Researchers have improved solar cell performance by looking to leaves. The prototype mimics a leaf's chemical layers that catch the sunlight and send the energy to plant cells. The bio-inspired solar cells were 20 times better at creating electricity than traditionally designed solar cells made from the same materials.
Solar power is an attractive energy source because it is free, readily available, clean, and sustainable. To tap into this rich resource, solar power cells installed on roofs and in deserts capture and convert light to energy. But current types of cells remain inefficient and costly.
Researchers have been trying for more than two decades to build better cells by mimicking plants' ability to harness the power of sunlight. Plants — through photosynthesis — naturally do this.
Leaves have a specialized, layered structure called a granum, which collects light from the sun and turns it into energy the plant can use. The researchers identified two key features of the granum that could help improve solar cells: a stacked structure and a design to efficiently transfer energy.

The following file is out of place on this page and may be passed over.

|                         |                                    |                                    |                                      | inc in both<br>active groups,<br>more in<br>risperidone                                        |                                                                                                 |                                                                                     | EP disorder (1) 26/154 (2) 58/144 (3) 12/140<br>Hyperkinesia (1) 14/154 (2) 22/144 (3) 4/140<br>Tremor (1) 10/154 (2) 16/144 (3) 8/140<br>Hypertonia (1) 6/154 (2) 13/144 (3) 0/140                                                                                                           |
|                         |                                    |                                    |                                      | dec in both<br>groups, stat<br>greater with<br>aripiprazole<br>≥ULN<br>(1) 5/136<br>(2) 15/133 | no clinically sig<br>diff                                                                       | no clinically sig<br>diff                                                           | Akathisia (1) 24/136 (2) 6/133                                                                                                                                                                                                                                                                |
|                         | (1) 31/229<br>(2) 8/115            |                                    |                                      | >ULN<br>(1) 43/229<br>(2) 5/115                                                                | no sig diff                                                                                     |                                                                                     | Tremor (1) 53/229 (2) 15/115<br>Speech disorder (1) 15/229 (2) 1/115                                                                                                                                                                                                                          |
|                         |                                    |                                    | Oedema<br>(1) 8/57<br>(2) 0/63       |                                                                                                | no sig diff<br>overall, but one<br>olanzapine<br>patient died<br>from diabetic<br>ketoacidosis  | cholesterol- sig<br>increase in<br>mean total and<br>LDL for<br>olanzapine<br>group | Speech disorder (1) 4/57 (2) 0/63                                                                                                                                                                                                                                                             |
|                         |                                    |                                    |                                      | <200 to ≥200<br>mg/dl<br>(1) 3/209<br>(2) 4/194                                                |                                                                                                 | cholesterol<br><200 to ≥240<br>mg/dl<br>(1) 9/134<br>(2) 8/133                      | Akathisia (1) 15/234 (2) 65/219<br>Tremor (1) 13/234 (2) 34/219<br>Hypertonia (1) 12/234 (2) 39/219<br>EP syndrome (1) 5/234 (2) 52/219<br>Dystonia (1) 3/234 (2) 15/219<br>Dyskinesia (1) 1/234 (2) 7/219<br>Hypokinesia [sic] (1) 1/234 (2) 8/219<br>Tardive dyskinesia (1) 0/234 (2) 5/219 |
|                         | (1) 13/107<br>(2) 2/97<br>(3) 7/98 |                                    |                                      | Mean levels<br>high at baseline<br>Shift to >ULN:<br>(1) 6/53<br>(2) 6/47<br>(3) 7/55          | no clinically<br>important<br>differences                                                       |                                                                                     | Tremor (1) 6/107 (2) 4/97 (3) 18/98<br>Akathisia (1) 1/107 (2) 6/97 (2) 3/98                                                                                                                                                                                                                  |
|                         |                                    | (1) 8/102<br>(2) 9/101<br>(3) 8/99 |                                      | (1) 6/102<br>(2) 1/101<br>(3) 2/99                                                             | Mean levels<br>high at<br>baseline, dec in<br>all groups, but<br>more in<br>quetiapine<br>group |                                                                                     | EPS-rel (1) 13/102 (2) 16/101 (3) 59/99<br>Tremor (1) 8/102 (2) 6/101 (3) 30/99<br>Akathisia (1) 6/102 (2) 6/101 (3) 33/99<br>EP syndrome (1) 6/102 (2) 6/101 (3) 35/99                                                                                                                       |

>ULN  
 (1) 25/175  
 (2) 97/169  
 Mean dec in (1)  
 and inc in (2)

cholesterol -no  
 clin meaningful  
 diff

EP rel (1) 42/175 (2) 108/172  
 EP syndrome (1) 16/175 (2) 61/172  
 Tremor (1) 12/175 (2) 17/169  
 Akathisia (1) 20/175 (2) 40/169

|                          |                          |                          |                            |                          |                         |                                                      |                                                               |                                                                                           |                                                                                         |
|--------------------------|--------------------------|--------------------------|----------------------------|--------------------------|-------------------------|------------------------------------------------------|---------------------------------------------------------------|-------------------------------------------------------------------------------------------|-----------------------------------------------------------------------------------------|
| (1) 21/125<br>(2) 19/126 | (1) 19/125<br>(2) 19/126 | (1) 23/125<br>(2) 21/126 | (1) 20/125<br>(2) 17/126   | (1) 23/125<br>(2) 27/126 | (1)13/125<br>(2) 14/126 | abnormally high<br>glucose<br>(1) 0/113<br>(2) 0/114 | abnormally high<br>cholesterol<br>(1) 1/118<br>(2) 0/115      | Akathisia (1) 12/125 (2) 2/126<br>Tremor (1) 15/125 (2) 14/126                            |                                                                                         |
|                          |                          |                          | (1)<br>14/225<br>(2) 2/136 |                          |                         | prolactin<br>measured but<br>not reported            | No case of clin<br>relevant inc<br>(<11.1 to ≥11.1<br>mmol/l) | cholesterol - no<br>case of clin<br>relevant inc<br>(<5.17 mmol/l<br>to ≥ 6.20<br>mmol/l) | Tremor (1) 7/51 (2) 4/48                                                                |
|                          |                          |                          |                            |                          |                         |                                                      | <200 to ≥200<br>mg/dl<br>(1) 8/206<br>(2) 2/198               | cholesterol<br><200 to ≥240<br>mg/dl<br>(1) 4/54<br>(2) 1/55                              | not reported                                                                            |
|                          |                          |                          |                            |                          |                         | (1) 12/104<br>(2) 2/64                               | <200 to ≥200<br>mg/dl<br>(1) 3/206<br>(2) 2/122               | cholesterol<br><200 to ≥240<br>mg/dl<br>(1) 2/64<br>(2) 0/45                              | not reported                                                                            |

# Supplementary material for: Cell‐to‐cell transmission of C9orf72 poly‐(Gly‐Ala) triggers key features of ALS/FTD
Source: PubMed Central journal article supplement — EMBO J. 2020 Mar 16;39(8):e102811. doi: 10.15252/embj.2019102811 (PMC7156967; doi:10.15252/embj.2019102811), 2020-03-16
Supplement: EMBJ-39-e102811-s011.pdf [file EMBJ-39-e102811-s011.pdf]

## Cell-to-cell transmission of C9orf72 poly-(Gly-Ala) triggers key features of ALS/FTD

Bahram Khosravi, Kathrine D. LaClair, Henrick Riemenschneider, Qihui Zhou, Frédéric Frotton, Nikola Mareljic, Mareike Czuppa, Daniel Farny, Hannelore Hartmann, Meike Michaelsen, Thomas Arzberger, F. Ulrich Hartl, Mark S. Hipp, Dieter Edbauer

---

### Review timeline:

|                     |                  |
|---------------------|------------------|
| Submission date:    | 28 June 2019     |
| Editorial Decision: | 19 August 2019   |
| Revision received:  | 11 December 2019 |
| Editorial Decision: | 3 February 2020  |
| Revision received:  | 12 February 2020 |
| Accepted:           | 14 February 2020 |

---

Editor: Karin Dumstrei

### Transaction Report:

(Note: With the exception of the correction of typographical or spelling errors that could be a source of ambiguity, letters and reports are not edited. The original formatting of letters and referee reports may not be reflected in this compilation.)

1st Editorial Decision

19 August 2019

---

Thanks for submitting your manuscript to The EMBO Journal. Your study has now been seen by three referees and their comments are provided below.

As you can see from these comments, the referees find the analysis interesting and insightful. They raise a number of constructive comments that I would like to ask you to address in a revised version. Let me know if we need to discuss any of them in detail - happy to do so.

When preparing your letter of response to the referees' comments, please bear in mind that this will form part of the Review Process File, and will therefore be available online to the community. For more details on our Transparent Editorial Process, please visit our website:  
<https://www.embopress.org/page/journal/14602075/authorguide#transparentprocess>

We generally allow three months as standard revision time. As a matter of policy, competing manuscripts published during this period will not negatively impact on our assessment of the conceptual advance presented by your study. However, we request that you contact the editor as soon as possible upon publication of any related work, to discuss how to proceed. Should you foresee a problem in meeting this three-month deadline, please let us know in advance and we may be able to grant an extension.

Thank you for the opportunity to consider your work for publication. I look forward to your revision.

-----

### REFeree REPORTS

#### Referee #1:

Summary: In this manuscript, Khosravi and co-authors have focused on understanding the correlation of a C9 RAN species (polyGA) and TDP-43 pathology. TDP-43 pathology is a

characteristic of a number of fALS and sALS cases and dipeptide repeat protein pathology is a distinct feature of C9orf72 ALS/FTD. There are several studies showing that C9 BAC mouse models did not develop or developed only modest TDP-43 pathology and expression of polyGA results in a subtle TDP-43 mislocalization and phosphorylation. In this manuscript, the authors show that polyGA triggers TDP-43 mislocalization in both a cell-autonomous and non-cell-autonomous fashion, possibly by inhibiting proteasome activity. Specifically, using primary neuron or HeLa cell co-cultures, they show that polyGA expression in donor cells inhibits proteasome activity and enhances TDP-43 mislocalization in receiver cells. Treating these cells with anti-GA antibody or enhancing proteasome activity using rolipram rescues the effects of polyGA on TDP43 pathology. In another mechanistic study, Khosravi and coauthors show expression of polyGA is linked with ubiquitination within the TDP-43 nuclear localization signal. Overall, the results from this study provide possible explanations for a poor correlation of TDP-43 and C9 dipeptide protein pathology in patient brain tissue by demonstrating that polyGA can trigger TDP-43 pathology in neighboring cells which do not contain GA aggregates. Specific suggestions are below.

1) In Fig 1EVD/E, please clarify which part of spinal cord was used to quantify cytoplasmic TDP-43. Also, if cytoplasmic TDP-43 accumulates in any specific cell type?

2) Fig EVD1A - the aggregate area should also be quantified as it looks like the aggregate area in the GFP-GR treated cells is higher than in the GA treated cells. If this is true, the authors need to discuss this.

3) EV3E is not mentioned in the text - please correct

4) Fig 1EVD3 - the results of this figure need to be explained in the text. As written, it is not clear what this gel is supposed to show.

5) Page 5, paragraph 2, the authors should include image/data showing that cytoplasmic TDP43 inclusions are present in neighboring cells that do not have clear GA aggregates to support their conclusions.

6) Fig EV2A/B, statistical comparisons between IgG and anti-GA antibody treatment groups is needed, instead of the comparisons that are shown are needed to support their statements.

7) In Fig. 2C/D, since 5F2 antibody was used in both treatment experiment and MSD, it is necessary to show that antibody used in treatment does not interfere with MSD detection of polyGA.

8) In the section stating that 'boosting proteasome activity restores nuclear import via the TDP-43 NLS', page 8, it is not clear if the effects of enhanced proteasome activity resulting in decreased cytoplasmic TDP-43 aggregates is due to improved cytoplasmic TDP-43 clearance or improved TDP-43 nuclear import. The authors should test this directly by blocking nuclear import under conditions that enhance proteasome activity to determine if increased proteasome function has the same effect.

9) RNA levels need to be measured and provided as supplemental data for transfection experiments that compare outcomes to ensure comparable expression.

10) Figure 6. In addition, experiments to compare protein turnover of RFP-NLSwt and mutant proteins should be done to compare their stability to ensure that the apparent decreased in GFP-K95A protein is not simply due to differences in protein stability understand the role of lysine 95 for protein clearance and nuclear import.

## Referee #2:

Inside a plant granum are thin alternating layers of pigment molecules that absorb the light and molecules that turn the sun's rays into electrical energy then used in chemical reactions. The researchers modeled their solar cell on this design. They created alternating layers of titanium dioxide — which absorbs the light, and graphene — which transports the energy.
The addition of graphene to solar cell design allows more efficient transport of the energy away from the titanium dioxide. When the graphene layers were not used, much of the energy absorbed by the titanium dioxide was lost before it could be captured as electrical energy.
Since the graphene layers improve transport of electrical energy, the researchers used many more layers of titanium dioxide, collected more light and increased the amount of light collected.
The results show the alternating, layered structure found in a plant's granum can improve the performance of solar cells. The design has not been tested in a full-scale solar cell device. More work needs to be done to improve the safety and efficiency of the synthesis process before solar cells based on this technology could reach the market.
This post was originally published on EnvironmentalHealthNews.org